In contrast to the negative stereotype of Gypsies, the history of the Kaldarash, Ursari, Lowara, and Sinti in the Netherlands makes it clear that they fulfilled a useful economic function and in general were able to provide for their livelihood. The Kaldarash were praised for their skill in mending copper and tin objects, especially kettles. They not only worked for the rural population, but also received orders from local shopkeepers and industry. In the twentieth century they worked for bakers and dairy factories. They did not have a monopoly position in their trade; their nomadic life-style was too unpredictable. Nevertheless they were successful until World War II. The Ursari earned a good living by their performances. They taught their bears, and sometimes monkeys, to dance and do all kinds of tricks. These activities were especially appreciated by the rural population, because it was a welcome distraction from their monotonous daily life. This can be deduced from the sometimes impressive wealth of the Ursari and also from letters sent by local authorities who pleaded in their support against the accusations of the central government. Because of a ban on performances with bears during the Nazi occupation, the Ursari exchanged them in the 1930s for monkeys and street organs.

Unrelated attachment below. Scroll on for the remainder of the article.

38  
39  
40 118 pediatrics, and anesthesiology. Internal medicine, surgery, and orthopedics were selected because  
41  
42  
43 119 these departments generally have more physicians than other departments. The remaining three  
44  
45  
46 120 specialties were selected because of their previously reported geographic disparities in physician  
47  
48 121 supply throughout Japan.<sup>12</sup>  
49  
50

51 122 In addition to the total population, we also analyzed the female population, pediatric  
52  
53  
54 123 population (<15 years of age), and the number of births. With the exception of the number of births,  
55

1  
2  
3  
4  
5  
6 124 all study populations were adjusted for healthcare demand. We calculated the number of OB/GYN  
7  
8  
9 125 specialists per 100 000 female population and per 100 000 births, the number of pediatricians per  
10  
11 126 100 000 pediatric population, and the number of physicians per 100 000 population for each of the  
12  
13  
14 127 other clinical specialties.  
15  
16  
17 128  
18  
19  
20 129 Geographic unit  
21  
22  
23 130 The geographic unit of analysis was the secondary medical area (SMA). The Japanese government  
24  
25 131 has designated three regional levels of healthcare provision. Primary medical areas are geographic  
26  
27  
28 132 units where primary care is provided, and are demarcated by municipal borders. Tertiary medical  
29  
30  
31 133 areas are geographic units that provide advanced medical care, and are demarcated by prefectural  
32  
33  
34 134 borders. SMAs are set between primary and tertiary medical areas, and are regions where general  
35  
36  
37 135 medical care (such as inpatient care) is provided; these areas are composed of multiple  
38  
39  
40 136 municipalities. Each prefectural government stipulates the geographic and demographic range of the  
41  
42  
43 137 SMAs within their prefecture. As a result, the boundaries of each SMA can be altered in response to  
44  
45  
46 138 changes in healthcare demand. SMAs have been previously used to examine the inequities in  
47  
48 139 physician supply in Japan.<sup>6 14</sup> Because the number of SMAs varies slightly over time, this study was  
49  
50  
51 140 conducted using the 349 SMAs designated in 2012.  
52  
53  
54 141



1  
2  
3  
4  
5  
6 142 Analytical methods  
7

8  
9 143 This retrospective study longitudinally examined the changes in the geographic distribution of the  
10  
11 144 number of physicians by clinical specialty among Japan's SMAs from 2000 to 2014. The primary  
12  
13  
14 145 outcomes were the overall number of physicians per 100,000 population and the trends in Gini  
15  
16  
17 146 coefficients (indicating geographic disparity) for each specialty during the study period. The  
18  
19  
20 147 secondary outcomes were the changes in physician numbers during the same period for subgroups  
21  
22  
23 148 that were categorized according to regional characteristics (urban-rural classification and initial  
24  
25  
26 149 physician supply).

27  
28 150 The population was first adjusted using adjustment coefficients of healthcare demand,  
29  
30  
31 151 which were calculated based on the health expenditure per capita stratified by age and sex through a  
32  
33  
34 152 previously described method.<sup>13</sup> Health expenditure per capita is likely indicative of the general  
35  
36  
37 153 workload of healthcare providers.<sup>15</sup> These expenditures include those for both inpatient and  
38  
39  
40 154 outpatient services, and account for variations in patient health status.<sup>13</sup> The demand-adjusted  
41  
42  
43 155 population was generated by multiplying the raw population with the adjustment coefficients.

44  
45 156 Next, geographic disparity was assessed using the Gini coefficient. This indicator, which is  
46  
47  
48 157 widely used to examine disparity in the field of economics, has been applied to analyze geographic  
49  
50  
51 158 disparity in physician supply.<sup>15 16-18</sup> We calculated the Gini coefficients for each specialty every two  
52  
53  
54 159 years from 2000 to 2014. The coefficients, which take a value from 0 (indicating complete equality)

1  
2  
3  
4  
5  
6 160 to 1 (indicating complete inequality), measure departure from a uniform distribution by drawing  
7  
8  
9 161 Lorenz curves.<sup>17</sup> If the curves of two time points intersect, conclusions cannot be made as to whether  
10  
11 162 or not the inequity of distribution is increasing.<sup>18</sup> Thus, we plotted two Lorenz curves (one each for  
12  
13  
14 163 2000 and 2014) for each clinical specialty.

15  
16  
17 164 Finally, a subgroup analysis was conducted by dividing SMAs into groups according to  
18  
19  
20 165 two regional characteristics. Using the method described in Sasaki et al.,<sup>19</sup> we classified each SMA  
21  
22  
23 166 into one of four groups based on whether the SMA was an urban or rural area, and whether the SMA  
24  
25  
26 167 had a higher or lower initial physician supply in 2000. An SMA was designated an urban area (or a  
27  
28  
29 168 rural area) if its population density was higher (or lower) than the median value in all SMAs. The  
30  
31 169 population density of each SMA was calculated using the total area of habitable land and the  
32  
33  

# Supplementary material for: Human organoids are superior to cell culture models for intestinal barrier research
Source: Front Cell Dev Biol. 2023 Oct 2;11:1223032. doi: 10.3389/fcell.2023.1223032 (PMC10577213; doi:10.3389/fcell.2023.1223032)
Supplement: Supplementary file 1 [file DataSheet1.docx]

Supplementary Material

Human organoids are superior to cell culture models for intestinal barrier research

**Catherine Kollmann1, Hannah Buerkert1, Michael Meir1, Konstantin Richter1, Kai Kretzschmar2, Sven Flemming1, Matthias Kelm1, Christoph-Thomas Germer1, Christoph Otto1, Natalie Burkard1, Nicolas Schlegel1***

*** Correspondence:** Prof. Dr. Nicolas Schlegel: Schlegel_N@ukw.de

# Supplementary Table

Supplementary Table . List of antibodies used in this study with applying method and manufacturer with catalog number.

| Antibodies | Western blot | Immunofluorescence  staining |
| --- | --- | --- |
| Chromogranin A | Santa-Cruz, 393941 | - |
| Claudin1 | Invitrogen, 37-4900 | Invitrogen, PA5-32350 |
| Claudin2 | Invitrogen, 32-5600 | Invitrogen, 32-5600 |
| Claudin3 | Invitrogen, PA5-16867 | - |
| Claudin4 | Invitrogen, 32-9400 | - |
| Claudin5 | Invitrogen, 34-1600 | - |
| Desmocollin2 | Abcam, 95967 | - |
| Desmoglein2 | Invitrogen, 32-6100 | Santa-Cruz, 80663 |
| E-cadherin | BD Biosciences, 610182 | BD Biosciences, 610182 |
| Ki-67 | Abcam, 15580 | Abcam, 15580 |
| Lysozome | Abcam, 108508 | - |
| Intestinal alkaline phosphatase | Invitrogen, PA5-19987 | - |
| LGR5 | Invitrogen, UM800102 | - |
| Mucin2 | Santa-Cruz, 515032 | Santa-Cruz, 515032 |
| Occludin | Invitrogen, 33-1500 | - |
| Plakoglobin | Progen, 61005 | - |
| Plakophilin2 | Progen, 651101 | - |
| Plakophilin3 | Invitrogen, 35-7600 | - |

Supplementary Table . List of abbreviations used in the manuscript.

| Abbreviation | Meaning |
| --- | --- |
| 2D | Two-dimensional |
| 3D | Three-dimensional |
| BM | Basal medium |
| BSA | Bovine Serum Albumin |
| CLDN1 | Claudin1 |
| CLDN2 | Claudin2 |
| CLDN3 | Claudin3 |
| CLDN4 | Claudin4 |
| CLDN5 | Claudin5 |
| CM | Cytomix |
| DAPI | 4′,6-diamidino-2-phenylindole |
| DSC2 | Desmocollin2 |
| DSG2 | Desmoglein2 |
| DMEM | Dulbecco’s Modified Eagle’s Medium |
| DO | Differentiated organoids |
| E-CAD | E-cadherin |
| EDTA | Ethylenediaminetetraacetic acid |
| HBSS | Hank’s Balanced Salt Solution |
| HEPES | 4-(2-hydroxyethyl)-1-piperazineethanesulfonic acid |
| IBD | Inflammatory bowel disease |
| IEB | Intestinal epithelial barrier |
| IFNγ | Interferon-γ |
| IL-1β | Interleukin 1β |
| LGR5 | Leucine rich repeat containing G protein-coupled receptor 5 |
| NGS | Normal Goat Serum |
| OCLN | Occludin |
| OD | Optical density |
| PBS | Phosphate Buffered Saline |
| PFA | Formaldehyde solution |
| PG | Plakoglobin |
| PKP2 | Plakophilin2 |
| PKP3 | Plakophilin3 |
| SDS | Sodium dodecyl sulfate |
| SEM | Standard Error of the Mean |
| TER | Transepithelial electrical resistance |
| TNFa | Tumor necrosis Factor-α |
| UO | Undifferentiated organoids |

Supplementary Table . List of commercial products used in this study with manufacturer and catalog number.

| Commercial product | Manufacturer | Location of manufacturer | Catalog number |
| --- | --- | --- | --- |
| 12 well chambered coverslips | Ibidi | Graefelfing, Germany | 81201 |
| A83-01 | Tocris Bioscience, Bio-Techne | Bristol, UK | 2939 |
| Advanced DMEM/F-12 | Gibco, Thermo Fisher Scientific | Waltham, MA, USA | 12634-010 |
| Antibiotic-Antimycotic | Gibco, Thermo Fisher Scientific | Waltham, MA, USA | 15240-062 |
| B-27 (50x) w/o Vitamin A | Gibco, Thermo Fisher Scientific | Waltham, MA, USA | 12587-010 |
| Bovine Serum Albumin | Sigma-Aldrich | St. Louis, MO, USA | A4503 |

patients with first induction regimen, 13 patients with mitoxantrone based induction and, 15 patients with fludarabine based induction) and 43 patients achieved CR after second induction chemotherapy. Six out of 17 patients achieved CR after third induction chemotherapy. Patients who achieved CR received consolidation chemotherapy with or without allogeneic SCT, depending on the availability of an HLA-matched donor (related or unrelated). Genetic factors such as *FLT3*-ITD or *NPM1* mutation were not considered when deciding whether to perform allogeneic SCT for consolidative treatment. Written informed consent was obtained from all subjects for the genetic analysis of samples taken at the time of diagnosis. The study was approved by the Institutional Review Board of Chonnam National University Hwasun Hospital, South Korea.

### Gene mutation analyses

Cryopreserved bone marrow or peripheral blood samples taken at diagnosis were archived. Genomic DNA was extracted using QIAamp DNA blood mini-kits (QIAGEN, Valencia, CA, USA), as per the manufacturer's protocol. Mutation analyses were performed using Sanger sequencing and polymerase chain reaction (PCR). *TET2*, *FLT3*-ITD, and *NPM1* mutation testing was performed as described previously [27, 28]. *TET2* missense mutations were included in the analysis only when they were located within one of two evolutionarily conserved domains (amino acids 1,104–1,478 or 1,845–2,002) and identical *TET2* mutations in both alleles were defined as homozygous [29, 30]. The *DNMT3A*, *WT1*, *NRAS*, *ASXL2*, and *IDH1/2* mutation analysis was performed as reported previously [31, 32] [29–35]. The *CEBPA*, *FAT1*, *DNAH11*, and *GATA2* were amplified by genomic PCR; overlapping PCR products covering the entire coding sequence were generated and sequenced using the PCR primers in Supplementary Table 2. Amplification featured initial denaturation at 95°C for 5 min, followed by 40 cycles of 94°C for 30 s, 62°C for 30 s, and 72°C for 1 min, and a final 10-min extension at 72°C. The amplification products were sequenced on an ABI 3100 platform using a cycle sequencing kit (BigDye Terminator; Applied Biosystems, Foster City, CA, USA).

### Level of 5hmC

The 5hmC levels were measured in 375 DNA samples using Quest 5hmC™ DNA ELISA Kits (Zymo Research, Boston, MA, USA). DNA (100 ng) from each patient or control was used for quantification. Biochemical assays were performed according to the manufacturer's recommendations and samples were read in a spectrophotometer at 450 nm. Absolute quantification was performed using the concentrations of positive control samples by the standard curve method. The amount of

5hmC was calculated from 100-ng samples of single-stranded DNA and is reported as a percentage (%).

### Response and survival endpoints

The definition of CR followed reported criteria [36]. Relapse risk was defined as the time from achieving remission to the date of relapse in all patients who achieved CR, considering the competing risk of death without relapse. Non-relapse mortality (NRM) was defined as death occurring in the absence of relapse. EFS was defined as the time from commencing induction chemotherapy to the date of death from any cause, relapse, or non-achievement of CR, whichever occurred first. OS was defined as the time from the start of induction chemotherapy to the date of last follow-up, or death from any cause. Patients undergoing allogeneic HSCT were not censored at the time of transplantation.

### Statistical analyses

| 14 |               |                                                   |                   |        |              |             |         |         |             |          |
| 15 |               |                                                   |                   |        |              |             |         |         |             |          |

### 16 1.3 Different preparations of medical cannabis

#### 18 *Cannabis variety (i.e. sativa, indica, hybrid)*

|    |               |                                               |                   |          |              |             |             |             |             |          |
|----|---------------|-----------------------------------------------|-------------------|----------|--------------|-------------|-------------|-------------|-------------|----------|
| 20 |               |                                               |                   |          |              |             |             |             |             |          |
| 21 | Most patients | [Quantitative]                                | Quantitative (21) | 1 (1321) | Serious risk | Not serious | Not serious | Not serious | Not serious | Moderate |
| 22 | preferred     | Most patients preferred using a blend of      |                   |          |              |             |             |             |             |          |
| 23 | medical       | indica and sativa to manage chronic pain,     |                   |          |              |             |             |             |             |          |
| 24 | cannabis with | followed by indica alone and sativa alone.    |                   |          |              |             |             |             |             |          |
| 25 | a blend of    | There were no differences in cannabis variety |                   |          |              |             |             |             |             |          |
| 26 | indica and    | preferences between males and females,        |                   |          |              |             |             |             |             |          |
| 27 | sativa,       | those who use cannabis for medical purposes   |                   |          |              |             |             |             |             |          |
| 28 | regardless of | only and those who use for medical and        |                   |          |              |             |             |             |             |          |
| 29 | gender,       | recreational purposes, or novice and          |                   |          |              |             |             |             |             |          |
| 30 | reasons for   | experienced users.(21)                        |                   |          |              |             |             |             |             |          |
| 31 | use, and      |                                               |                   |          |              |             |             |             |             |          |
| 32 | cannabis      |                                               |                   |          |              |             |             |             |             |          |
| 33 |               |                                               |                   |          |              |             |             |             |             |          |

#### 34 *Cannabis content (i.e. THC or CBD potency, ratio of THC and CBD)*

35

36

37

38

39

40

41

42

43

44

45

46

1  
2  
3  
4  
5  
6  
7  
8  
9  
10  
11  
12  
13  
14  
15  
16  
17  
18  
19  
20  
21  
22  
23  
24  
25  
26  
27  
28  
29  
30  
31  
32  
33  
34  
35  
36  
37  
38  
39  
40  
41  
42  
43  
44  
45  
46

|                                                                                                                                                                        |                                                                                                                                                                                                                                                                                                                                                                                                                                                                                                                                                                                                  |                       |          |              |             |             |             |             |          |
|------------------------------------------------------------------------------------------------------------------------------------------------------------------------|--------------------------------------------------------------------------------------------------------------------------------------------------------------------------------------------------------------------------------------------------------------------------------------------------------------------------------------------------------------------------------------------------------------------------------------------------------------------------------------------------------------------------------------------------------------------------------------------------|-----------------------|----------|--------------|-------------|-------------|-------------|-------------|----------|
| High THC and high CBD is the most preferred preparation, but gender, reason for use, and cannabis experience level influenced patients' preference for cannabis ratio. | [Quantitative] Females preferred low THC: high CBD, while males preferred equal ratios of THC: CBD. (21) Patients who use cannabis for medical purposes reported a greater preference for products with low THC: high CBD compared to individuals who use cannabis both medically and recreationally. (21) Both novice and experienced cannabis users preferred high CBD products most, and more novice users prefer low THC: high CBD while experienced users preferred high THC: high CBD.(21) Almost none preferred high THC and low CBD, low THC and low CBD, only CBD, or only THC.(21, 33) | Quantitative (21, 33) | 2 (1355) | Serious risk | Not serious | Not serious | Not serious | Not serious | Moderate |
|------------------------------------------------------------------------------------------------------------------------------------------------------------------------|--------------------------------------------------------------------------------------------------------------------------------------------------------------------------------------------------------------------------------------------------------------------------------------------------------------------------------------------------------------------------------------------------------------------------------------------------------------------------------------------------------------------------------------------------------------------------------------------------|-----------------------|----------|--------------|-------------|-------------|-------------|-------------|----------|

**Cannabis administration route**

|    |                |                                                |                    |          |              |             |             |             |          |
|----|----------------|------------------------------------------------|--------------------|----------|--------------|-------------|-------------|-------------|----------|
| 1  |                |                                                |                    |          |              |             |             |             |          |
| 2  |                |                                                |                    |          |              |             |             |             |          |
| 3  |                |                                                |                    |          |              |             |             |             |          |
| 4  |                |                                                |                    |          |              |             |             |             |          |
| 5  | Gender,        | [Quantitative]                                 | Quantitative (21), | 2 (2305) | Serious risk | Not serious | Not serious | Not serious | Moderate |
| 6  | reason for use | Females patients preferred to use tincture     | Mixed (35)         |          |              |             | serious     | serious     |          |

The history of the Kaldarash and Lowara in the Netherlands shows that the prevalent opinion that Gypsies hold on to traditional and outdated professions is false. It is likely that as a result of the diminishing demand for the services of Coppersmiths at the end of the nineteenth century many Kaldarash shifted to the horse trade. In the following decades they became known as Lowara. This is an illuminating example of economic adaptation, as this market was booming in western Europe and remained important until World War II. The Lowara more or less controlled the trade in cobs at the Dutch horse fairs and made an important contribution to this economic sector. The Sinti were mainly show people and concentrated on juggling, acrobatics, music, and dancing. In the course of the twentieth century many felt forced to restrict themselves to music and became popular musicians in cafés, pubs, and restaurants. Apart from this they traded in violins, which they also made and repaired.
After World War II, the Dutch Gypsies—both caravan dwellers and foreign Gypsies—did not occupy a stable position in the labor market, but they remained adaptable. However, because they were discouraged from traveling, they did not succeed in increasing their job opportunities. At present about 90 percent of the three groups receive social-security benefits. They try to supplement this income by all kinds of small-scale activities, such as selling automobiles, peddling, playing music, etc.